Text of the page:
“I have grown so much as a person and connected with my culture so deeply,” Ndungu said. “I highly encourage others to participate in the program. You never know what you will learn about yourself.”
Education and action
Henos Adhana, senior in the School of Business, is among the most recent scholarship recipients. Studying abroad was something he had wanted to do for a long time, but because of the pandemic, he had worried he wouldn’t get the opportunity. That’s why, when he received an email encouraging him to apply for a 20-day study abroad opportunity in Southeast Asia, he immediately put in his application.
With the help of the Ambassador Scholarship, he was able to spend four days in Cambodia and 16 days in Thailand this summer. During his trip, he learned more about corporate social responsibility. “We met and had discussions with academics, government officials and business professionals,” Adhana said. “We took field trips to companies, non-governmental organizations and public institutions to learn about how they function and the challenges they face.”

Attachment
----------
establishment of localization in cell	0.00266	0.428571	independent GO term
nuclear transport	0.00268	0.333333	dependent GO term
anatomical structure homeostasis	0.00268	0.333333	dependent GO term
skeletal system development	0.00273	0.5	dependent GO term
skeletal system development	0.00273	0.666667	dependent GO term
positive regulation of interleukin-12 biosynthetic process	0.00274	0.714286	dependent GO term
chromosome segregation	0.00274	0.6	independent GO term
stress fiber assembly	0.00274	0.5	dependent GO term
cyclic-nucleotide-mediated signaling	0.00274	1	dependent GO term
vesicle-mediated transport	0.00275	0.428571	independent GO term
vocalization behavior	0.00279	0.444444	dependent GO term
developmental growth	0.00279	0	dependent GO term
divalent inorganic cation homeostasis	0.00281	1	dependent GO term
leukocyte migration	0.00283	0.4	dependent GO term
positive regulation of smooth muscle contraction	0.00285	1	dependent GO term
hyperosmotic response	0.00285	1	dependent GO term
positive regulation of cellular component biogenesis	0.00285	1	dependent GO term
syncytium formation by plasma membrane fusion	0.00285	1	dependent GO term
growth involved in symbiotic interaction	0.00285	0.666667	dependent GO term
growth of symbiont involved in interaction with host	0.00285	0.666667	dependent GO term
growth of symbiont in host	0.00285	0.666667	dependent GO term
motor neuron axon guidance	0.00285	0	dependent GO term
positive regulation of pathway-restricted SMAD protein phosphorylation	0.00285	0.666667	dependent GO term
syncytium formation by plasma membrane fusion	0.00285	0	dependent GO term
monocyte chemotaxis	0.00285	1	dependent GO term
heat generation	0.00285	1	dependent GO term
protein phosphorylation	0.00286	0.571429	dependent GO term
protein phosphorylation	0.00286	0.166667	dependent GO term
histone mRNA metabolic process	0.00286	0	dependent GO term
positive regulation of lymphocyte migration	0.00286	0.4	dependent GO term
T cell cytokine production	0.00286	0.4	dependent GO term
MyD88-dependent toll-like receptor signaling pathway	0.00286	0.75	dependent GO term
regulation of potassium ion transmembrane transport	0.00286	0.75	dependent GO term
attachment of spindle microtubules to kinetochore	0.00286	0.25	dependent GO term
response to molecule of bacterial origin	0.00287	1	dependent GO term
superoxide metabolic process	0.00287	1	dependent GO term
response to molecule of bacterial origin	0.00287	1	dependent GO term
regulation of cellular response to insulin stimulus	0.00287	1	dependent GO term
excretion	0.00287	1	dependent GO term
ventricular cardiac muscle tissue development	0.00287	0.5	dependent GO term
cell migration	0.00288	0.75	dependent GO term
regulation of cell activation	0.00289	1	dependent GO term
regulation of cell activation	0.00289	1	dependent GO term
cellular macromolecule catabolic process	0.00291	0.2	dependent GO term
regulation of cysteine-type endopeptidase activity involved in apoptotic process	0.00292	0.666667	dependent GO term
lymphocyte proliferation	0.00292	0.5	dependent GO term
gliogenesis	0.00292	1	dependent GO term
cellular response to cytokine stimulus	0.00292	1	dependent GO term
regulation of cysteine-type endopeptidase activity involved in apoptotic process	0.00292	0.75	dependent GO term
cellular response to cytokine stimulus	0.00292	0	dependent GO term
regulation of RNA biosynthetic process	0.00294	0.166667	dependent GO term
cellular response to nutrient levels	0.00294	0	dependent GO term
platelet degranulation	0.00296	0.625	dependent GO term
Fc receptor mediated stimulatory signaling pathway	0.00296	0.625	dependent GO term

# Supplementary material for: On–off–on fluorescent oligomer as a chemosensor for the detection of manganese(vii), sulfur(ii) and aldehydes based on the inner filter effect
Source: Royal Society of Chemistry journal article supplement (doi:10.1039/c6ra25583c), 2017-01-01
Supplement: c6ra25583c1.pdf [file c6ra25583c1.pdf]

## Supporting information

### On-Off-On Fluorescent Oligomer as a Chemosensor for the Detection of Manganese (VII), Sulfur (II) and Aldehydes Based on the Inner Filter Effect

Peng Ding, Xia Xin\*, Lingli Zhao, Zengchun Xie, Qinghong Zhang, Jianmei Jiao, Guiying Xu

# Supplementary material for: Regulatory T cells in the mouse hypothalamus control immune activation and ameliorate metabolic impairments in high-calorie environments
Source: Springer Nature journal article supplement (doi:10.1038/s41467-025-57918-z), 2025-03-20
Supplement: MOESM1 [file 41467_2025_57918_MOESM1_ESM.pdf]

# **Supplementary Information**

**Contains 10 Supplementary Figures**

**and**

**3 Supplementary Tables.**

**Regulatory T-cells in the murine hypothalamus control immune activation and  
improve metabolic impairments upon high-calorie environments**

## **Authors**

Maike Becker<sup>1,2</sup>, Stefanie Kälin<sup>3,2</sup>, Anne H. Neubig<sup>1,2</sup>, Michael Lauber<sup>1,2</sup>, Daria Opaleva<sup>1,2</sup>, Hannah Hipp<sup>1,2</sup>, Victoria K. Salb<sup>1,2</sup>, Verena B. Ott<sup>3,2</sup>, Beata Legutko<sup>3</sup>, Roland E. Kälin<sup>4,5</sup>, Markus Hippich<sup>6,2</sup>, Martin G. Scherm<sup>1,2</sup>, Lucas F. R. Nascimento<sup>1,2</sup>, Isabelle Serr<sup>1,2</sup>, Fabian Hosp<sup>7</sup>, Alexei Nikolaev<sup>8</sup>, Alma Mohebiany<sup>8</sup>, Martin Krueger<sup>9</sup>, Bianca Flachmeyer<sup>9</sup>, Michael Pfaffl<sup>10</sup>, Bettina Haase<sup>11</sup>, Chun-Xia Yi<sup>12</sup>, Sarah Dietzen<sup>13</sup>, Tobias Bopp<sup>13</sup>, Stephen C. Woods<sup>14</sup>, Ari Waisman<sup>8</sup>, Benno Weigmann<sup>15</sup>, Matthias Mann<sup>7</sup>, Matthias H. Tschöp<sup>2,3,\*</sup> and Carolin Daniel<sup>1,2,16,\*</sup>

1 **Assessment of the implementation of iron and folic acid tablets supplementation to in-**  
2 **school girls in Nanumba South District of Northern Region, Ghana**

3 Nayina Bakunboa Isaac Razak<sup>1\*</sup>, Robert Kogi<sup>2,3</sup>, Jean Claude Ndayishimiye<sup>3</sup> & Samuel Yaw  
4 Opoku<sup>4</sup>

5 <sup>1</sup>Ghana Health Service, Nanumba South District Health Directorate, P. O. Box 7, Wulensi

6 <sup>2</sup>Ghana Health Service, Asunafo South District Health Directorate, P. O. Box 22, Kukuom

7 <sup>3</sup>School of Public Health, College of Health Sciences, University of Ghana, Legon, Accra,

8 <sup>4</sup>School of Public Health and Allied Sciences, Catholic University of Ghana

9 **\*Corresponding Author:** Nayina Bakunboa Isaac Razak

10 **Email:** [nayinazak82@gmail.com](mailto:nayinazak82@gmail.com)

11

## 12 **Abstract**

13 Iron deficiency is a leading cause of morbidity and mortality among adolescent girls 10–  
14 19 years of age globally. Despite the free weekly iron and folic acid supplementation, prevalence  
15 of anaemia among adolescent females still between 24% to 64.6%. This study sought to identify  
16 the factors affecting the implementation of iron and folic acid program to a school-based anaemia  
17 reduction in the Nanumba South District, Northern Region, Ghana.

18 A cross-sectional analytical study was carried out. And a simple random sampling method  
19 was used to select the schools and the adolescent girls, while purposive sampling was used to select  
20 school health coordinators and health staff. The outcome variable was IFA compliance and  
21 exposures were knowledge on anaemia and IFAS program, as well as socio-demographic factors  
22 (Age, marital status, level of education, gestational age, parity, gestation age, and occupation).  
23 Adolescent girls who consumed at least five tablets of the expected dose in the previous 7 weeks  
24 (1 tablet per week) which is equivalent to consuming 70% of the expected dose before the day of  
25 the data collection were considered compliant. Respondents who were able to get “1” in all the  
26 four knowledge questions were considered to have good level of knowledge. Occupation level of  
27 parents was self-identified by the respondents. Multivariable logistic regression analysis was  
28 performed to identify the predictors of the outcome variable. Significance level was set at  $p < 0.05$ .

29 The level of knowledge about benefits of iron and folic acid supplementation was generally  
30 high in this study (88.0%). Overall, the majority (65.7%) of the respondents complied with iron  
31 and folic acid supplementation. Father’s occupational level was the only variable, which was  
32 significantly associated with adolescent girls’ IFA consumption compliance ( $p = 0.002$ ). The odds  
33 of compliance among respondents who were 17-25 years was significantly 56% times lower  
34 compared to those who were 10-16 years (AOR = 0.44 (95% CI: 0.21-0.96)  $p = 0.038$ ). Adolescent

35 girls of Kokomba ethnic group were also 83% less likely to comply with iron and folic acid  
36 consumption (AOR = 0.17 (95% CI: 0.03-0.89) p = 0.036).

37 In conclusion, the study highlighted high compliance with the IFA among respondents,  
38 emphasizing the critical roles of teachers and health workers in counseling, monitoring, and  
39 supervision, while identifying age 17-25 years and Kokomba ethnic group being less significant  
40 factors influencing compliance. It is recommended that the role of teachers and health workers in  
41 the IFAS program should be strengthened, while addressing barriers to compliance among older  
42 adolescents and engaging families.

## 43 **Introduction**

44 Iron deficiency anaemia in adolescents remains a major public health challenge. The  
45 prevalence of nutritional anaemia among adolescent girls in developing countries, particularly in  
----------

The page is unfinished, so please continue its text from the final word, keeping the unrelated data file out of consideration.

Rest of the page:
Adhana said he was greatly impacted when hearing about the challenges people in Cambodia continue to face because of the Khmer Rouge genocide that took place more than 40 years ago.
“The impact of that is still being felt today by the Cambodian people,” he said. “It was difficult to hear about from the people we were with. One of our tour guides said that both his parents had been taken captive by the Khmer Rouge and subsequently killed. One of our drivers had a similar story that ended with his loved ones dying. It seemed as though everyone was impacted.”
After hearing these stories, Adhana felt pulled to help in some way. Part of the trip focused on working with non-government organizations in Cambodia. Adhana chose Husk, an organization that works directly with communities to help improve the lives of local families. “The organization’s goals are to provide access to safe water, livelihood opportunities and education,” he said.
Adhana and his group mates are currently working on a pitch that Husk staff members can use when interacting with potential donors. “It’s a slideshow presentation that details the organization’s mission and impact, emphasizing the many families that have overcome hardship because of its support,” he said. “Creating this presentation felt like a way to bring some good to people who have suffered so much hurt.”
Adhana, Ndungu and Anderson are just three out of more than 250 students who have received the Ambassador Scholarship — and not only traveled to their dream destinations but also learned more than they dreamed possible.
The staff at the Office of Global Initiatives knows the benefits of studying abroad and are eager to help other students have similar experiences.
“November is the next deadline for the Ambassador Scholarship,” said Dyba. “We look forward to meeting with students this autumn quarter and helping them expand their horizons by studying abroad.”